Do Penguins Have Knees?

There’s something about penguins, isn’t there? They evoke our curiosity, our affection—nay, our adoration—at levels that other members of the animal kingdom would be hard-pressed to compete with. Perhaps it’s their wobbly gait. Maybe it’s the stark contrast they have with the often otherworldly habitats in which we often mentally associate them. Perchance they’re just cute? Whatever the reason, you just can’t help but be captivated by these charismatic creatures. One peculiar query that often arises is, “Do penguins have knees?” It’s an intriguing question, one I assume stems from a difficulty in comprehending just why it is that they waddle and wobble as they walk, as if deficient of joints—or, I suppose, knees.

Today, we’re diving into the depths of penguin anatomy to uncover the truth. So, grab your virtual diving gear, and let’s embark on an exciting adventure to reveal the secrets behind these waddling wonders!

Skeletal Secrets Unveiled

Kline, S., Kottyan, J., Phillips, J., Wack, A., Pate, N., & Bronson, E. (2020).

Despite how it may seem or what you may have heard on TikTok, penguins do indeed have knees. Granted, they’re not quite what we typically imagine them to be. Unlike humans and many other mammals, where the knee joint is located near the middle of the leg, penguins’ knees are positioned higher up, close to their bodies. This arrangement gives the illusion that they lack knees altogether. In fact, the transition point of their knee between the femur and their fused tibia and fibula is set at a 90 degree angle. Not only do penguins have knees, but they are essentially walking around in a constant squat. For a penguin, every day is leg day.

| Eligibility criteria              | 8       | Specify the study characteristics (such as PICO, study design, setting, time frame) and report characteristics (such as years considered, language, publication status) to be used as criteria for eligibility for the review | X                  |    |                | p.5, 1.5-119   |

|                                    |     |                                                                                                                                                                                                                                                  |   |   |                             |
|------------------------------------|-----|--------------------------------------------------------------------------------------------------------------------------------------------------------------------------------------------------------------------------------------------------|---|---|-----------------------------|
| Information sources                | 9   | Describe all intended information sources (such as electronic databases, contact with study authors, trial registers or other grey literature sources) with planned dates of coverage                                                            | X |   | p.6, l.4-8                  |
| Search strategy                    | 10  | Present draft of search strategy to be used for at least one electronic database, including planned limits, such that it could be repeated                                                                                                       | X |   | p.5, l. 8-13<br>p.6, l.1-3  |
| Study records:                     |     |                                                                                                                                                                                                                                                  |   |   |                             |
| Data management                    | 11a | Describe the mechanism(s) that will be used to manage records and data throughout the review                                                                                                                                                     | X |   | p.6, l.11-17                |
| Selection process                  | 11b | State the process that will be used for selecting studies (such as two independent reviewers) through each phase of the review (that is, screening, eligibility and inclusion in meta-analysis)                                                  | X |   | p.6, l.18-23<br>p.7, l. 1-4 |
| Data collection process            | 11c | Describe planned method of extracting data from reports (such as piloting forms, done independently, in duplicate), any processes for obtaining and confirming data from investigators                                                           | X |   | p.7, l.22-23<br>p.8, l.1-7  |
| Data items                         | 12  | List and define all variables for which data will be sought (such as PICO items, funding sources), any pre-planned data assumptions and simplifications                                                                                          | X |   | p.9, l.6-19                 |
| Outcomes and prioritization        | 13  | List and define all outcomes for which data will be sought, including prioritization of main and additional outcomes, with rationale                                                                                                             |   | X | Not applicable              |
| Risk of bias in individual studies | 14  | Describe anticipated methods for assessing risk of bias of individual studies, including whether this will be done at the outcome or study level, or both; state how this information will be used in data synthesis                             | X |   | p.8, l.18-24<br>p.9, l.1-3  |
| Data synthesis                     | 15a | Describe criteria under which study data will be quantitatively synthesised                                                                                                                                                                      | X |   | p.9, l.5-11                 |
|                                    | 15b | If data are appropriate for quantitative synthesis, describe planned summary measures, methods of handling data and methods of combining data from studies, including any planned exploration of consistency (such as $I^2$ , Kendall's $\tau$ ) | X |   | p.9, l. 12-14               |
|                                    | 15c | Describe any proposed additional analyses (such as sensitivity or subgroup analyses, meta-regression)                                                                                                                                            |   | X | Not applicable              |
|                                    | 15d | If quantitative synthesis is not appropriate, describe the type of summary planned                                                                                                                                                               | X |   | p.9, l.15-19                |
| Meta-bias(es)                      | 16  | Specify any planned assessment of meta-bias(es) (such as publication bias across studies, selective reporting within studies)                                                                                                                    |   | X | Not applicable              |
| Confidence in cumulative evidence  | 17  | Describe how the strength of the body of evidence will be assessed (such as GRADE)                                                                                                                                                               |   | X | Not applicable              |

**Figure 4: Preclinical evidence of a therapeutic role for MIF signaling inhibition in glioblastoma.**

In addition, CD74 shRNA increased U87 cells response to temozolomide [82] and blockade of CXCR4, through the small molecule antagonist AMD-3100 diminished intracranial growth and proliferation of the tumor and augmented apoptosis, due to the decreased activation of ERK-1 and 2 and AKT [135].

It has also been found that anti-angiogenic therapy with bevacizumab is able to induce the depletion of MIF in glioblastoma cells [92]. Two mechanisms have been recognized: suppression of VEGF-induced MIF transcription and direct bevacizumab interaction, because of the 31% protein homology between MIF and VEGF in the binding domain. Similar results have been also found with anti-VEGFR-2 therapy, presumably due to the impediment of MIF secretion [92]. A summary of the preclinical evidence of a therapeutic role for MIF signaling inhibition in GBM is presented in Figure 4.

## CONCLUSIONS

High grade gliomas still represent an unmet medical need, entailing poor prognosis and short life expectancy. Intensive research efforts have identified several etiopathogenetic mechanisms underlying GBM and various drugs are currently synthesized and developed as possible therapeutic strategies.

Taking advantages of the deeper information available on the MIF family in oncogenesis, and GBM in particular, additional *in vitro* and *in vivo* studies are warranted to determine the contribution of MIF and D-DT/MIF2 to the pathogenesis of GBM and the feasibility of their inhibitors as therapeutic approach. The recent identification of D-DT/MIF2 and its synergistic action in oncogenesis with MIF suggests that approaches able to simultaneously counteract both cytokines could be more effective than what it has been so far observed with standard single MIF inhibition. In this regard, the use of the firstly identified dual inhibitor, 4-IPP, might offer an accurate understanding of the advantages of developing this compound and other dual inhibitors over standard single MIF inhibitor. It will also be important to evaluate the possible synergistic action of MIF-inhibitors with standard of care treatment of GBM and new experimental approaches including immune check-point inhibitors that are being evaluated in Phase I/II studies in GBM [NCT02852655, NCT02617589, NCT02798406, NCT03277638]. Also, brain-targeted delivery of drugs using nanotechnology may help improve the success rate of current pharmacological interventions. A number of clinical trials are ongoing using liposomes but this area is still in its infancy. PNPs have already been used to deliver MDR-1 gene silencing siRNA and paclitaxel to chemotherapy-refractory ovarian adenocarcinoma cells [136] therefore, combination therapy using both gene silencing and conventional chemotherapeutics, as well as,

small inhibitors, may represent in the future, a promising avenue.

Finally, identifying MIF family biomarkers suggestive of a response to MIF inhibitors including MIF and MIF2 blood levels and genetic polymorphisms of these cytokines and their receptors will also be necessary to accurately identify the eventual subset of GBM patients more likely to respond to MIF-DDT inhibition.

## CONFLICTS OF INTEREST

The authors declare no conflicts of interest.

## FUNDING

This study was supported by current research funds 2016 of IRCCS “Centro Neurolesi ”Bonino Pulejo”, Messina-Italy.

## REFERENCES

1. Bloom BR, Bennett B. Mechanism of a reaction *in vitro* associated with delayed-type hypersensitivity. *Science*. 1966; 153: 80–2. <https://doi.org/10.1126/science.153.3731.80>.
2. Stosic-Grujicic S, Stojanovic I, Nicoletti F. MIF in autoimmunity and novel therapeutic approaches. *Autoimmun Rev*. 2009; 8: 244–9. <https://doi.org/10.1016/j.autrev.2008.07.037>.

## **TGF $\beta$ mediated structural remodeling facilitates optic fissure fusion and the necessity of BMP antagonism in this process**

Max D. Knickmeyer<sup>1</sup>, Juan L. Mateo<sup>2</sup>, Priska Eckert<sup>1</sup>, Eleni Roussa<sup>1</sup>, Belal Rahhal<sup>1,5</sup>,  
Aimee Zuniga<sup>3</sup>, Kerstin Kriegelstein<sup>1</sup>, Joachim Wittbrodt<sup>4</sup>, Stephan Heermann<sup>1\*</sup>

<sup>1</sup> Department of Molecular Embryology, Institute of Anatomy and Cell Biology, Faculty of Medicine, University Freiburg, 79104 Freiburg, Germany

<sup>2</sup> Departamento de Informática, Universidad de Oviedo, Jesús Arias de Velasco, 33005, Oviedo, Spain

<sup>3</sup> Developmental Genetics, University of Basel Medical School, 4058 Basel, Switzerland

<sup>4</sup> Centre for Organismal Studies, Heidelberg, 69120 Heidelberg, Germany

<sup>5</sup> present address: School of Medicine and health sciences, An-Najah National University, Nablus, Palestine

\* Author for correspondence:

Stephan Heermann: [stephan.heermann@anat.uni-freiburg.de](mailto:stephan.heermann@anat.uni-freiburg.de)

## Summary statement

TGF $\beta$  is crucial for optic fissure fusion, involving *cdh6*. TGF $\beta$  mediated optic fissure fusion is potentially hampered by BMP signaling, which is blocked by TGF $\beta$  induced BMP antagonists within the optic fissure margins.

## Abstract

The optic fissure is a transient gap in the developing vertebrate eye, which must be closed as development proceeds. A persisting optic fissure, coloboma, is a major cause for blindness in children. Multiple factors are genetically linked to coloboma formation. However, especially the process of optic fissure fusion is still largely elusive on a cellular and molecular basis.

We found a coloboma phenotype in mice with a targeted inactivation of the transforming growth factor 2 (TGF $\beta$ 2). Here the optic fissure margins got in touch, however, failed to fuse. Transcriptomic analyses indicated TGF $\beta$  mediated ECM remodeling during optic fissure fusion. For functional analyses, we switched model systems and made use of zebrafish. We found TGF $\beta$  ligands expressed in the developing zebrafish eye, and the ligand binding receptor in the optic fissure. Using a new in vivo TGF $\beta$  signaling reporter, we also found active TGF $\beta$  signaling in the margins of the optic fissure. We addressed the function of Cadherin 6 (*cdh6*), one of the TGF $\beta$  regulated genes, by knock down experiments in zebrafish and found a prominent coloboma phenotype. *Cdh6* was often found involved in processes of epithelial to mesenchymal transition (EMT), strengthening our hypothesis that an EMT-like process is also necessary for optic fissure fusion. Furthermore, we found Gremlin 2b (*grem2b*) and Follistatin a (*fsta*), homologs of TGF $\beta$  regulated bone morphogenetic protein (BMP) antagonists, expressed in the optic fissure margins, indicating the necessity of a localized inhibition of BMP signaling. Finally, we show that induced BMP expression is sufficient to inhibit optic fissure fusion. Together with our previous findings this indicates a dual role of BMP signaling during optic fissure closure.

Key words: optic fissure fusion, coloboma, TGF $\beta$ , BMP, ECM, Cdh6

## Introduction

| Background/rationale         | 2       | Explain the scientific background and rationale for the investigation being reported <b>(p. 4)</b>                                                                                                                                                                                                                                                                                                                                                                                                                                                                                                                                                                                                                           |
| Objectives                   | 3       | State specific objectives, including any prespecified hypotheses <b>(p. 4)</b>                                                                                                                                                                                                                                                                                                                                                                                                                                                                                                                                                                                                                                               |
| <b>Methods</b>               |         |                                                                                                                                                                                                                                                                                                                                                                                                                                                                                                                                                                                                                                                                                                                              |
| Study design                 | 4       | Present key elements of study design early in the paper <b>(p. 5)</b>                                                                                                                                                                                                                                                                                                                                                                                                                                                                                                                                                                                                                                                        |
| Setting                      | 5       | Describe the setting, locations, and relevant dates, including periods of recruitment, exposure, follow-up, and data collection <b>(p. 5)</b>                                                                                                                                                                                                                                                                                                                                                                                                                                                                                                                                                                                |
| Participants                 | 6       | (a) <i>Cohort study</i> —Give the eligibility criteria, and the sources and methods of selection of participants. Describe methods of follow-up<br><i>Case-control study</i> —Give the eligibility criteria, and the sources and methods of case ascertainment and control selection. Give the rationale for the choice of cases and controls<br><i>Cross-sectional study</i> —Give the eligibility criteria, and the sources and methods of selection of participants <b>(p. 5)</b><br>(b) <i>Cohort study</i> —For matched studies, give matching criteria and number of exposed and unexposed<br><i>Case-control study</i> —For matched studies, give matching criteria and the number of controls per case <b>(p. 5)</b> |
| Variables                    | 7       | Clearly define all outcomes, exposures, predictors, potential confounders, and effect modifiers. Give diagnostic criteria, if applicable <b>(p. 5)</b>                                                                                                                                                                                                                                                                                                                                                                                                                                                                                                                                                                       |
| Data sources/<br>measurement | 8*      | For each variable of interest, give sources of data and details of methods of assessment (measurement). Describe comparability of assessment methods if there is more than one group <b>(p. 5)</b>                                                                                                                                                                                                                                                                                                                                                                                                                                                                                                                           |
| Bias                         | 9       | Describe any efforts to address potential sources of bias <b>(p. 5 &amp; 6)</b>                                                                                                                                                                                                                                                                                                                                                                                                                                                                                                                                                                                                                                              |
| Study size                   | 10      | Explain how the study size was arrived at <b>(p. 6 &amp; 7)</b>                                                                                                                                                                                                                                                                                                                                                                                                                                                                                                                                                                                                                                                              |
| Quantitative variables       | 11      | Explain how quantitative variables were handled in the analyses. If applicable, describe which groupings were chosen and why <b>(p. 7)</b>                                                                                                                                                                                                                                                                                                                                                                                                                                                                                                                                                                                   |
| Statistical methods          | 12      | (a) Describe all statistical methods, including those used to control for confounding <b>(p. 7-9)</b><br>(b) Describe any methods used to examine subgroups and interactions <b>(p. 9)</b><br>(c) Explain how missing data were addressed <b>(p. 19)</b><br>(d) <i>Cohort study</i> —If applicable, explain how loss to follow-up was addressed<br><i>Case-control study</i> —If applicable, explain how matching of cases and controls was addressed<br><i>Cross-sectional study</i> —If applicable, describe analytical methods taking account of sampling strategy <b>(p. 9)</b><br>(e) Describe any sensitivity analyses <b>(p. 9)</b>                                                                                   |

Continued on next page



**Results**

Amazing Adaptations

To better understand why penguins’ knees are situated so high, we need to explore the pressures that have shaped their evolution. Penguins spend the majority of their lives in the water, gracefully gliding through the depths. They may not be able to fly in the air, but their streamlined bodies sure let them soar beneath the surface. Typically, we think of streamlining as outward characteristics—the shape of the body, the curvature of the wings—and forget that each of these structures is dependent on something internal. The placement of a penguins knees closer to their bodies reduces drag, enabling them to swim swiftly and efficiently.

So, if penguins have knees, why don’t we see them? The answer lies in yet another adaptation. Penguins appear to have very short and stubby legs, but that’s simply because the majority of their legs are completely covered in thick skin and feathers. That’s something we just sent used to seeing in their avian cousins. These feathers, which provide excellent insulation, also hide their knee joints, creating the illusion of a jointless leg. This ingenious adaptation ensures their mobility, and survival in the freezing Antarctic climate, plus helps them to better incubate their eggs!

Now that the mystery of penguin knees has been unraveled, it’s time to explore even more fascinating questions about the animal kingdom. Stay curious and come back soon to keep exploring the secrets of our extraordinary planet.

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